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RE: How to convince businesses to be accessible...

From: Timothy Stephen Springer <timsp@ssbtechnologies.com>
Date: Thu, 5 Oct 2000 11:49:13 -0700
To: "Dave J Woolley" <david.woolley@bts.co.uk>, <w3c-wai-ig@w3.org>
Message-ID: <NDBBJIMIALKAIHGBAMLKAEMECDAA.timsp@ssbtechnologies.com>
>	PDAs do reflect big spenders, so would be a priority
>	for a place in the top 80%.  On the other hand, they
>	are so different from desktops that someone targetting
>	them would probably produce an alternative page, which
>	would increase the cost of supporting them and reduce
>	their priority.  They are also much in a minority.
>	People with 14.4K modems will be put in a similar class
>	to those with text only browsers.  They are a small minority,
>	and there is circumstancial evidence that they are not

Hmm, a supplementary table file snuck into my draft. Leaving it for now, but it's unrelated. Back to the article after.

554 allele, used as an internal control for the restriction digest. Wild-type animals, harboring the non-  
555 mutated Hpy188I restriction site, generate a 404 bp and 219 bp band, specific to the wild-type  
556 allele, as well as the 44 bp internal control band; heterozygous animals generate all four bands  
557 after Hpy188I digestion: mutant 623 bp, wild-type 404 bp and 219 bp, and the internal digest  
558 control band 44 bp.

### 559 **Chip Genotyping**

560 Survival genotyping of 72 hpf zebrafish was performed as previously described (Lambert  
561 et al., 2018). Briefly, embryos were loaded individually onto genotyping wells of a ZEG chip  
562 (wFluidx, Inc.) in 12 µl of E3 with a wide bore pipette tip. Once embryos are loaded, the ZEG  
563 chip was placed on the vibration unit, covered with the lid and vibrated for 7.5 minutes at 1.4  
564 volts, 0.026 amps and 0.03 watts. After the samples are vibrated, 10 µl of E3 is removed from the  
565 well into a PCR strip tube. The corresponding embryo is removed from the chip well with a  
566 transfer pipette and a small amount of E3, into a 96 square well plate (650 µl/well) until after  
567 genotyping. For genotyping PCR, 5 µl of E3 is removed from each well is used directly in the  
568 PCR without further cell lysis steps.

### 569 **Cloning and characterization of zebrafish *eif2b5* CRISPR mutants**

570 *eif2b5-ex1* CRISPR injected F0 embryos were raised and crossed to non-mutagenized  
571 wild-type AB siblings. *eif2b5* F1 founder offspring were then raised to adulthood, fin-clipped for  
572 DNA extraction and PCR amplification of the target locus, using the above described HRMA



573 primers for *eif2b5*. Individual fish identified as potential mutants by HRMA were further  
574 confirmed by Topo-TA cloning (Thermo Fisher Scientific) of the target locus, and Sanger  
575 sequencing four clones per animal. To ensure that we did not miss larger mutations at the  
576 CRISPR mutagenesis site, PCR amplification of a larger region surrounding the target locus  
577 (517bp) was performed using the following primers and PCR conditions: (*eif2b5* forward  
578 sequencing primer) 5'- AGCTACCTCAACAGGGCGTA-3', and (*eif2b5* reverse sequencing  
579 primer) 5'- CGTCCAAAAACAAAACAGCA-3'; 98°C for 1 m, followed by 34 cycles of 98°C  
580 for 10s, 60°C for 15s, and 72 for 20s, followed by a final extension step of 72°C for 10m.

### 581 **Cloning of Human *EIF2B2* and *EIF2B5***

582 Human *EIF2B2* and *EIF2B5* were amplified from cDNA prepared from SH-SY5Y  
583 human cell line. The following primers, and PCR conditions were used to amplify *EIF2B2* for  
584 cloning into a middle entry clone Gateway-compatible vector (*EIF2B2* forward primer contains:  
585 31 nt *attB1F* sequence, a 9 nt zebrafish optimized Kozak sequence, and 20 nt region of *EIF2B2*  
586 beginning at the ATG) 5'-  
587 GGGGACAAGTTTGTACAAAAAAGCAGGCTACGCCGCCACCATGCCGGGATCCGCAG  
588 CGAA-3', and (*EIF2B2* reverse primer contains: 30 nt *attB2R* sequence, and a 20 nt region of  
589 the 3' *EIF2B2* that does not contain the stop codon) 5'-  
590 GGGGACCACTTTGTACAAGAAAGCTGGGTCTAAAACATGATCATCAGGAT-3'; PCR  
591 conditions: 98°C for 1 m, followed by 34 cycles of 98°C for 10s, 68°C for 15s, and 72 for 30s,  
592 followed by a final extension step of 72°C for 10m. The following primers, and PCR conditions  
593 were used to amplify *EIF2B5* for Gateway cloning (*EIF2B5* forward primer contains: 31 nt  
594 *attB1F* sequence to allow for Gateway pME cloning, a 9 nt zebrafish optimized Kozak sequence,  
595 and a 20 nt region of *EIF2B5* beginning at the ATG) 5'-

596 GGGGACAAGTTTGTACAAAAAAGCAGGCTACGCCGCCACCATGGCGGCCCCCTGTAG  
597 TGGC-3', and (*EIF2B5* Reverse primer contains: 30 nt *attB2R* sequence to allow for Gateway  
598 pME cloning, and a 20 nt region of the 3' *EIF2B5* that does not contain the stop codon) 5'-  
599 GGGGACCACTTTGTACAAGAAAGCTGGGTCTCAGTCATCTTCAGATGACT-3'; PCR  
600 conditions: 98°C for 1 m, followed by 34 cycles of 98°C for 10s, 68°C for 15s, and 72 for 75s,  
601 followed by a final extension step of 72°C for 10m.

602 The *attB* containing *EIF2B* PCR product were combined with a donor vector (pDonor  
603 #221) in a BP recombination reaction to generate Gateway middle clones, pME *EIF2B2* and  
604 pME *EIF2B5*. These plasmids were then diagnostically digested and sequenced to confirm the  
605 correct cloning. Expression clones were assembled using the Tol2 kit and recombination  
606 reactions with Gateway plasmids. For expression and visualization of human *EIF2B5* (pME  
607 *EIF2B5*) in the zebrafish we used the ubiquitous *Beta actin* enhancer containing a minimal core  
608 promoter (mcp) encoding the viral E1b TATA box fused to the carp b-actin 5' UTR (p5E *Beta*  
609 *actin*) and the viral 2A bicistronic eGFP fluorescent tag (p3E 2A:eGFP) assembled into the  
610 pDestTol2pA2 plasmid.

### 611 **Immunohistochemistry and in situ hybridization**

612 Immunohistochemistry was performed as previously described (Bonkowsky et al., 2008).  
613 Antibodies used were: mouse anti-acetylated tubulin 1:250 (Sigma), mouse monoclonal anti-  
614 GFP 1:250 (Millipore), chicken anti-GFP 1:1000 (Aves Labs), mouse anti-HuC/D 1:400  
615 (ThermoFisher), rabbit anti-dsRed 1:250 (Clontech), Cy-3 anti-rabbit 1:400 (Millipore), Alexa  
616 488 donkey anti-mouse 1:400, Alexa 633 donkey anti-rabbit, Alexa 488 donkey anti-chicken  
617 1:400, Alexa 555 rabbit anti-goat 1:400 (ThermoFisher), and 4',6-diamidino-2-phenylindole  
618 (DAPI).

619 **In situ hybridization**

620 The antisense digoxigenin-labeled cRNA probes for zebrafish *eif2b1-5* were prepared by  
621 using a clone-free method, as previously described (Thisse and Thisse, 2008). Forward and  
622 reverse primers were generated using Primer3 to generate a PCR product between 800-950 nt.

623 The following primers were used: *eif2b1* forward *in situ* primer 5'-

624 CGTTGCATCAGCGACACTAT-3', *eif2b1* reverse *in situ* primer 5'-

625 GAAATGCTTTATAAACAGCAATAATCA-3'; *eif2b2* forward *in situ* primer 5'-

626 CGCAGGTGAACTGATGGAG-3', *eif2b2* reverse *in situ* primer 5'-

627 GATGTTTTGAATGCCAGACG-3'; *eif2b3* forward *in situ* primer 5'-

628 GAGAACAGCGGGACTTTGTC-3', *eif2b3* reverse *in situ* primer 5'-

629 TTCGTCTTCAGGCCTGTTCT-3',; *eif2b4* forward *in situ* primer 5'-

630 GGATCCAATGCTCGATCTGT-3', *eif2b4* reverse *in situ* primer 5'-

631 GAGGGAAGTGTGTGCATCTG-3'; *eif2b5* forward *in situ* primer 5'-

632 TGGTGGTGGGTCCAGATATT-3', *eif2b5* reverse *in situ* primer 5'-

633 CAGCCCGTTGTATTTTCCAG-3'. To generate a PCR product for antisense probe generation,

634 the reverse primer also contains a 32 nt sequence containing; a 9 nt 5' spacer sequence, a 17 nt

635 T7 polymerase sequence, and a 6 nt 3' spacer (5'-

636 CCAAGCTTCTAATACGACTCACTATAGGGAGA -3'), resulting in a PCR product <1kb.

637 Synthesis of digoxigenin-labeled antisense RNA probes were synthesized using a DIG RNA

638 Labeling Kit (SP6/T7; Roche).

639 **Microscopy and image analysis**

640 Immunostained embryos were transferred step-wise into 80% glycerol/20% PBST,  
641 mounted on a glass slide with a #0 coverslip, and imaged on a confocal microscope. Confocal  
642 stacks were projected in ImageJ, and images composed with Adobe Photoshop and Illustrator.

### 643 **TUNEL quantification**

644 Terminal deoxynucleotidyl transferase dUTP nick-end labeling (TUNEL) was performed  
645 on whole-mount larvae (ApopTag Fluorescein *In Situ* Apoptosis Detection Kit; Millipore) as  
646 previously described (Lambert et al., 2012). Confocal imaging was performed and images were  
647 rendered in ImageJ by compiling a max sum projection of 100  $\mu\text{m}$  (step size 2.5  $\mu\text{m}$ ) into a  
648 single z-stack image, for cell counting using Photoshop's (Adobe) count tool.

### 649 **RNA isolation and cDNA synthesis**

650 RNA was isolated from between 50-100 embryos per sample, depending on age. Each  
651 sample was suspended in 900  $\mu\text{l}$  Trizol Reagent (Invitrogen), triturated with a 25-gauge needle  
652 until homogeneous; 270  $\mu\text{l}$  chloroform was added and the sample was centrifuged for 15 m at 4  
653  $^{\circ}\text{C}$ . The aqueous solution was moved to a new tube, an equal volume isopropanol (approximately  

>	spending on technology goods.  I think they would be
>	classed as people to ignore when designing the site.

I would tend to disagree.  The pda in this case probably is meant to refer
to the wider phenomenon of access via mobile (WAP) devices.  As is
documented by the W3C in the Mobile Access document.

The primary idea communicated there is that the problems addressed by the
accessibility guidelines have a direct application to content translation
for wireless devices.  While I concur that there will be specific WAP
targeted sites (ie. sites designed in native WAP) I have to believe that the
vast majority of content delivered to mobile devices will be formatted into
WML by a wireless ASP/portal.  As such a business that wants it's content to
be accessible to wireless devices in the future has a compelling reason to
buy into accessibility now.

The experience via 14.4 modems is, in my mind, a subset of the mobile usage
cases (which currently access content at an average of 9.6 kbps!).  Current
wireless devices used for information access (predominately WAP) have large
bandwidth constraints.  To this end the experience of a 14.4 modem user does
strongly reflect that of a mobile user.

My 2 cents.

Tim Springer

People with WAP phones (2005): 484 Million
People with real phones (2005): 1.3 Billion
Received on Thursday, 5 October 2000 14:51:59 UTC

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